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    As a born and raised Seattleite, I am curious... do you have any references? I always thought my accent in general was a fairly mild but standard American accent. Our vowels aren't as flat as the midwest, and I know I pronounce a bag, bagel, roof, and a few other words differently...but I wonder what the overal defining parameters of the accent would be. I recall an English poster here saying I sounded Irish, which I thought was odd.

    Living in NYC one is exposed to a shit ton of different American accents. There are not only the city accents which are different for the different boroughs, and sometimes for different neighborhoods within the boroughs (there are at least two distinguishable Brooklyn accents), but the Jersey accent is pretty prevalent. One also hears accents from pretty much everywhere else in the country.
     
  12. Squiggy

    Squiggy FrozenToad Admiral

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    Which is why I said "most" other accidents. There are some places where the local culture is so strong it drowns out the national media, which relies on a neutered midwestern or Southern California pronunciation of things (like BBC English in the UK).

    It's becoming fairly evident in the south, especially compared to 30 years ago. These days, native Texans and Georigians are more likely to hail from large cities and their accents reflect growing up around many people. Several decades ago more southerners lived in more isolation and the only accents they hard (and therefore picked up) were the accents of their family members, who picked it up from their family members, and so forth. Hence the comparatively minor deviations from generation to generation.

    Granted, there are still differences. People from Chicago sound like people from Chicago, Boston from Boston, and New York from New York. In cities like that, you have a high population of people who are actually from there. So like the children who learned their accent from their parents, you have neighbors picking up the accent of their neighbors and that just multiplies accents. However, "new Atlanta" is made up of people from all over and the accents tend to wash each other out. It's like DC. No one is really from DC, so there isn't a dominate DC accent like people from Baltimore (emphasis on the O vowel sound).
     
  13. Relayer1

    Relayer1 Rear Admiral Rear Admiral

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    Interesting.

    That sounds like it's somewhere between the 'Southern' USA accent and the 'Westcountry/Cornish' UK accents...
     
  14. SantaEddie74

    SantaEddie74 Fleet Admiral Admiral

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    You guys should hear the thick, syrupy and twangy accent that comes out of Southside Virginia in the general Martinsville-Danville area. It's often worlds apart from the common accents you hear emanating from just 40 or 50 miles away and there've been more than a few times I thought I'd need a translator just to understand what some diner or gas station owner in Franklin, Pittsylvania or Henry County was saying.

    You ask where the closest restaurant or landmark is and there are times when it sounds like they're speaking Pig Latin with a drawl. It gets worse with some of the more elderly folks from that part of the state....you keep half-expecting language subtitles to appear right below their heads. There've been a few very funny moments over the years when local news broadcasts have actually had to insert subtitles when covering stories and people from that part of the state.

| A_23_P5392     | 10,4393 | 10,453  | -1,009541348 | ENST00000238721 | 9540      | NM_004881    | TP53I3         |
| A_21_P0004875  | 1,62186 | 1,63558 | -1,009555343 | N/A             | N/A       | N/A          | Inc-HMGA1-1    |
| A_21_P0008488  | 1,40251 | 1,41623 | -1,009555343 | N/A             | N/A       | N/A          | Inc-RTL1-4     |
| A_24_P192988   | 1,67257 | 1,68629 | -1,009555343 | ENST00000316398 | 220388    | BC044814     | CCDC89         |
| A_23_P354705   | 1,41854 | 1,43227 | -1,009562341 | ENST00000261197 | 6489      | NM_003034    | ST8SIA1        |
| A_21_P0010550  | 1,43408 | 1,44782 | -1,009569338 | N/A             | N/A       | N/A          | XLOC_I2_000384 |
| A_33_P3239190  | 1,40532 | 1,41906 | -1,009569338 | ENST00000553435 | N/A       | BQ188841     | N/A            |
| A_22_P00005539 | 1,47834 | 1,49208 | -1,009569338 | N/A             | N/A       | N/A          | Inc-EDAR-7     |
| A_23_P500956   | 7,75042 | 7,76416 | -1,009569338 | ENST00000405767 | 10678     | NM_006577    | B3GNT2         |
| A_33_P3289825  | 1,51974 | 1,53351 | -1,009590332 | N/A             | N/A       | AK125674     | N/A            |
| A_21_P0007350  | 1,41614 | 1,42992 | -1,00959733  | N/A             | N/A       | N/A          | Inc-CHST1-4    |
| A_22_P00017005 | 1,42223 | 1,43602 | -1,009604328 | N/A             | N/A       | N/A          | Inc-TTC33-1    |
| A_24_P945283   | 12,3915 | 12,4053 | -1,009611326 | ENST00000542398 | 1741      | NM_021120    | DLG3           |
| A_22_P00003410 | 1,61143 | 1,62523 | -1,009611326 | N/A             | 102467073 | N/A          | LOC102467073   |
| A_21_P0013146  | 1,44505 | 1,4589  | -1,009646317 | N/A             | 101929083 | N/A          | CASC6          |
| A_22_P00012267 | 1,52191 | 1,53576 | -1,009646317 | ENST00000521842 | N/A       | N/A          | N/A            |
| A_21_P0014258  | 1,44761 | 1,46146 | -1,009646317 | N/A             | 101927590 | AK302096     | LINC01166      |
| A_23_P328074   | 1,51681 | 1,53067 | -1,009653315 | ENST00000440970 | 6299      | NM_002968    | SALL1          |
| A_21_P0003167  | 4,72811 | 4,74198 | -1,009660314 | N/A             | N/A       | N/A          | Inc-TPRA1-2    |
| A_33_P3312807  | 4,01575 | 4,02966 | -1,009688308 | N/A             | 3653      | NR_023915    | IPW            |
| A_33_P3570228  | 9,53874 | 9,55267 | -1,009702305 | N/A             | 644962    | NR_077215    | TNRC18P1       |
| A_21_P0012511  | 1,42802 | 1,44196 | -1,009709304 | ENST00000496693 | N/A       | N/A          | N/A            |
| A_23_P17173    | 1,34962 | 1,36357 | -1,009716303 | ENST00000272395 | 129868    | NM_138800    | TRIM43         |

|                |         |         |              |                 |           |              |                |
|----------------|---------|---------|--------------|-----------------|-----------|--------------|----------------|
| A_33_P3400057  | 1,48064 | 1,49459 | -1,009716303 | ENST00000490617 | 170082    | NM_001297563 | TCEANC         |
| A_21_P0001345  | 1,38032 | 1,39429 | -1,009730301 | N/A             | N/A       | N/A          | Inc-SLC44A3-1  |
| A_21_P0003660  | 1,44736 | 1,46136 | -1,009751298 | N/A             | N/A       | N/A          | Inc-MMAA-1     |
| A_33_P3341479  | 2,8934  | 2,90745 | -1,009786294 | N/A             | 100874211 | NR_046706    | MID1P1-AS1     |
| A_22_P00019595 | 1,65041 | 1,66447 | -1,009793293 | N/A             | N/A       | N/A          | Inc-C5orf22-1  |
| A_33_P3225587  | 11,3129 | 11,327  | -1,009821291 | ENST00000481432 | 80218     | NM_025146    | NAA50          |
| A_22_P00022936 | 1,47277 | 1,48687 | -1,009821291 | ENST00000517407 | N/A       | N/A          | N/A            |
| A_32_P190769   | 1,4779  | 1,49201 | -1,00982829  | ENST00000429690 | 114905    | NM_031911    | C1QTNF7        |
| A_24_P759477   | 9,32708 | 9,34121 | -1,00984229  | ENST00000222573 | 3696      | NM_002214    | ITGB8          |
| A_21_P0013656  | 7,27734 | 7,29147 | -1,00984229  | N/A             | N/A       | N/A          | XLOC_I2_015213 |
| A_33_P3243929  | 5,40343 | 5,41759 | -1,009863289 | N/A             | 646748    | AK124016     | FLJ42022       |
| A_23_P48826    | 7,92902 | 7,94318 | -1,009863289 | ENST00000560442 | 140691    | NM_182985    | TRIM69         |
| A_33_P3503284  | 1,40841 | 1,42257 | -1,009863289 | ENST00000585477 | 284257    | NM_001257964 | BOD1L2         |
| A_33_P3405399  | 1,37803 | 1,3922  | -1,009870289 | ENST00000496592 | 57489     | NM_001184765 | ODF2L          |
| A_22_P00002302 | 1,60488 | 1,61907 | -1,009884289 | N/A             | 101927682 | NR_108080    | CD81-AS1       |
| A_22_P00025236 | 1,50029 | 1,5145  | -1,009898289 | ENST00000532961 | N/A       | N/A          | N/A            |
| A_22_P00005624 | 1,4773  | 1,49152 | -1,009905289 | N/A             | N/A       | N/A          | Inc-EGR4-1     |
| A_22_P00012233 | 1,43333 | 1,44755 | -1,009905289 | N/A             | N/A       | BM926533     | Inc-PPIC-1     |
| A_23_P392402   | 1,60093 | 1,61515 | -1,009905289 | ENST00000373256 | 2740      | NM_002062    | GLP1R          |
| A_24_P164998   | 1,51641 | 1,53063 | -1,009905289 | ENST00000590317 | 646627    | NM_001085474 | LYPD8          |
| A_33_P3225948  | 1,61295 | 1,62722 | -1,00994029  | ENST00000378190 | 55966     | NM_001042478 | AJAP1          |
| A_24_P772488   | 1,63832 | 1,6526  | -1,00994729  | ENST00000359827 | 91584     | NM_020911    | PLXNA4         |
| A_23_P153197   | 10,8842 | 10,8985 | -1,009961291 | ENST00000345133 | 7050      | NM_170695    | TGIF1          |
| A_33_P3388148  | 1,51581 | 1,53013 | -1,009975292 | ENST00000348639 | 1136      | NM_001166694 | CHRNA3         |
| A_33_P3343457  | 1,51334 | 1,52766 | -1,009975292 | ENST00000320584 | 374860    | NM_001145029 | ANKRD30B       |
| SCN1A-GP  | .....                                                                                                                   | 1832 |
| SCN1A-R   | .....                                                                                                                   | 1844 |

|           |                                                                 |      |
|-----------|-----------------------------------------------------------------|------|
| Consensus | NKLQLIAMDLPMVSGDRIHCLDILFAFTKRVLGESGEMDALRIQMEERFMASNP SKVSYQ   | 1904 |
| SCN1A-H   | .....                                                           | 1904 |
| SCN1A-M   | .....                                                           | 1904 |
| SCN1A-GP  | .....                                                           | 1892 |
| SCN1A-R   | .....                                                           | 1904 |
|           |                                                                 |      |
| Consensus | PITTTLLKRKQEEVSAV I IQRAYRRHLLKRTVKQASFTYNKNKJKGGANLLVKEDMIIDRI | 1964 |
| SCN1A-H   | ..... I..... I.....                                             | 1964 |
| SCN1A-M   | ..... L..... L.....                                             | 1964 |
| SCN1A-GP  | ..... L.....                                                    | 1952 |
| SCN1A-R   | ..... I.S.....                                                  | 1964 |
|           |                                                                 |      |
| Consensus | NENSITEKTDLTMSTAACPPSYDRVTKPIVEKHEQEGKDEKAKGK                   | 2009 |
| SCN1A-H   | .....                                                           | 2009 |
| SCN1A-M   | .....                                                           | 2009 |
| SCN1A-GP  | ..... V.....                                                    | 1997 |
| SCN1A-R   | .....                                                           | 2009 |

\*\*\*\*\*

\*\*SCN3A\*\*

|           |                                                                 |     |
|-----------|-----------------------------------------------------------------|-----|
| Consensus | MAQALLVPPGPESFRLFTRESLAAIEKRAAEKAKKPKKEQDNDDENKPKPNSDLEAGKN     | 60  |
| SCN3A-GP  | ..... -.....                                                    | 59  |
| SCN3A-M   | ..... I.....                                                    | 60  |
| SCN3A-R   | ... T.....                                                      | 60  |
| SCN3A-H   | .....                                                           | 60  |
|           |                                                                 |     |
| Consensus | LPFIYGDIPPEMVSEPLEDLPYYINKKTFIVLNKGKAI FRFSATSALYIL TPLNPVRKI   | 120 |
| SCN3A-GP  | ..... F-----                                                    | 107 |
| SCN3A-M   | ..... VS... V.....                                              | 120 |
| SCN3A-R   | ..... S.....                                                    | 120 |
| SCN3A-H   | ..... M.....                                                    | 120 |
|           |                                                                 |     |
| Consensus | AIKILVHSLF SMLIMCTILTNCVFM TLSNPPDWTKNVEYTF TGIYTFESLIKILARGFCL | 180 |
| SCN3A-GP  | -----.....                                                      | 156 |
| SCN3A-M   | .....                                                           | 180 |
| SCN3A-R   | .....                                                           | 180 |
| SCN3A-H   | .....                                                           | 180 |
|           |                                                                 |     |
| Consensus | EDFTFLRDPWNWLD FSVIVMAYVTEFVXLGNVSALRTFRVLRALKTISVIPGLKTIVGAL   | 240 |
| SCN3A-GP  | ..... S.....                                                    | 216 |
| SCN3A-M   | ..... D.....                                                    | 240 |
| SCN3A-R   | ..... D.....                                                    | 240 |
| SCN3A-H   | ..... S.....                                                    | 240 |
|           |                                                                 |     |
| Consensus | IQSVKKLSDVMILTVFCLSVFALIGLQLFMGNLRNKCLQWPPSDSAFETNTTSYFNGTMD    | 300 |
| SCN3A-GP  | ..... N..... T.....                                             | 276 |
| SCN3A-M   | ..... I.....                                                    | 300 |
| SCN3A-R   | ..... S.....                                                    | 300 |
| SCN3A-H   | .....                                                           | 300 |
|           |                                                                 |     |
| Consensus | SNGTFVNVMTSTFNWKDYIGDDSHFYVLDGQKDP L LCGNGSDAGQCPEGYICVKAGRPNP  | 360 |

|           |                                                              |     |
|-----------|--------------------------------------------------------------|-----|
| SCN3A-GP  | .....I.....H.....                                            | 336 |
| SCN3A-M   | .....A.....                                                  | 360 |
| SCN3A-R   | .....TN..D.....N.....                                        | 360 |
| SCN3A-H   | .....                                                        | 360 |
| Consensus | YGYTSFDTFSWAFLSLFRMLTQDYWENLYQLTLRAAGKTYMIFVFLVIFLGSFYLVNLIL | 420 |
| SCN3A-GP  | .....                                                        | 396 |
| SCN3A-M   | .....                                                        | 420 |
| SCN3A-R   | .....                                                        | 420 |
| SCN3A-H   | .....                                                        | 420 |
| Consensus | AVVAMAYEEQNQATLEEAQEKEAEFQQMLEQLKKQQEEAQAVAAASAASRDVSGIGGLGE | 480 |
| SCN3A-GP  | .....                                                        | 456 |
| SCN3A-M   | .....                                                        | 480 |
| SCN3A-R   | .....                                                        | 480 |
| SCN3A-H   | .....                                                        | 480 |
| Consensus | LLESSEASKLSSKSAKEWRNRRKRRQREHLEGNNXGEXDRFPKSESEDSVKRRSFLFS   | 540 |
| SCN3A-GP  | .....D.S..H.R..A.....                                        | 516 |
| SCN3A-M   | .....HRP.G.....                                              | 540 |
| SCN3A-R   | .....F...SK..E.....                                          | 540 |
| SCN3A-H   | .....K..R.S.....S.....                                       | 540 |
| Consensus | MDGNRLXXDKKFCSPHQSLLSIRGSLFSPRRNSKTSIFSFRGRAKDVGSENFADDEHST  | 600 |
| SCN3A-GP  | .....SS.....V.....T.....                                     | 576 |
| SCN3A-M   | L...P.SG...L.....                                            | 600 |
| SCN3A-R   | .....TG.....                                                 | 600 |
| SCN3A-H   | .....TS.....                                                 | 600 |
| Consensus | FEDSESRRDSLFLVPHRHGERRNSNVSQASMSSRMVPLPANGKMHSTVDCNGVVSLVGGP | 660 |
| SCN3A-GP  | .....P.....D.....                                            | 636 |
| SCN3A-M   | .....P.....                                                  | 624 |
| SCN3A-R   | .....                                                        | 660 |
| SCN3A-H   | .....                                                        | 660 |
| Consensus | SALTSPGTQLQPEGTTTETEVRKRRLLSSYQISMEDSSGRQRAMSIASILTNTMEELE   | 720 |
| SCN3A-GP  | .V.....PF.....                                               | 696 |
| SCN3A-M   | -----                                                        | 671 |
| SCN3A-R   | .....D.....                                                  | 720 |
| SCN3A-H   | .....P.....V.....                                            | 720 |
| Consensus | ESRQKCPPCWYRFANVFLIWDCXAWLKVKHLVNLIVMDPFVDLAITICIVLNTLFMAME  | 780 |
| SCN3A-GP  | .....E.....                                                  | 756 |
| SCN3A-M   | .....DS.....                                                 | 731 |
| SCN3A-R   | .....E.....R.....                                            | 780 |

15. Mary Ann

    Mary Ann Knitting is logical Premium Member

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    Actually, in England's southwest (the counties of Cornwall, Devon, Dorset, Wiltshire, the various Somerset ones, and the city of Bristol) not only do the dialects pronounce their R's, they often also add R's where none are needed. When I was working in primary schools in North Somerset and Devon I used to love seeing the wee ones teaching themselves to spell. Two of the most common spelling variations I witnessed were "sor" for "saw" and "warter" for "water", because that's what the children heard coming out of their own mouths when they sounded those words out.

    Archaeologist Phil Harding, from Time Team fame, has a very thick Wiltshire accent:

    [yt]http://www.youtube.com/watch?v=61lfmiAMC84[/yt]
     
  16. Ríu ríu chíu

    Ríu ríu chíu Fleet Admiral Admiral

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    As much travelling as I've been doing lately, I haven't been exposed to many accents. I spent two days in Atlanta last year, for example, and I swear the only Southern accent I heard the whole time was at the airport. :lol:
     
  17. scotpens

    scotpens Vice Admiral Admiral

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    Reminds me of that early Beatles recording of Meredith Willson's "Till There Was You," with Paul McCartney singing:

    There were birds in the sky
    But I never sore them winging
    No, I never sore them a-tall
    Till there was you.


    Funny thing is, we don't usually associate that pronunciation with a scouse accent.
     
  18. ITElf

    ITElf Vice Admiral Admiral

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    Macca's speaking and singing voices were quite different, though.
     
  19. Ríu ríu chíu

    Ríu ríu chíu Fleet Admiral Admiral

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    I see what you did there. ;)
     
  20. SantaEddie74

    SantaEddie74 Fleet Admiral Admiral

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    I remember a number of years ago a dialect expert saying that Virginia was one of the parts of the United States where certain words were pronounced along the lines of the way they were spoken in Canada. They raised the example that "about" in some corners of Virginia rolls off the tongue sounding like "a-boat" and when I thought about it they were correct. It might not be a large number of words that sounded like their English-language Canadian counterparts but there's a resemblance depending on where in this state you are at any given moment.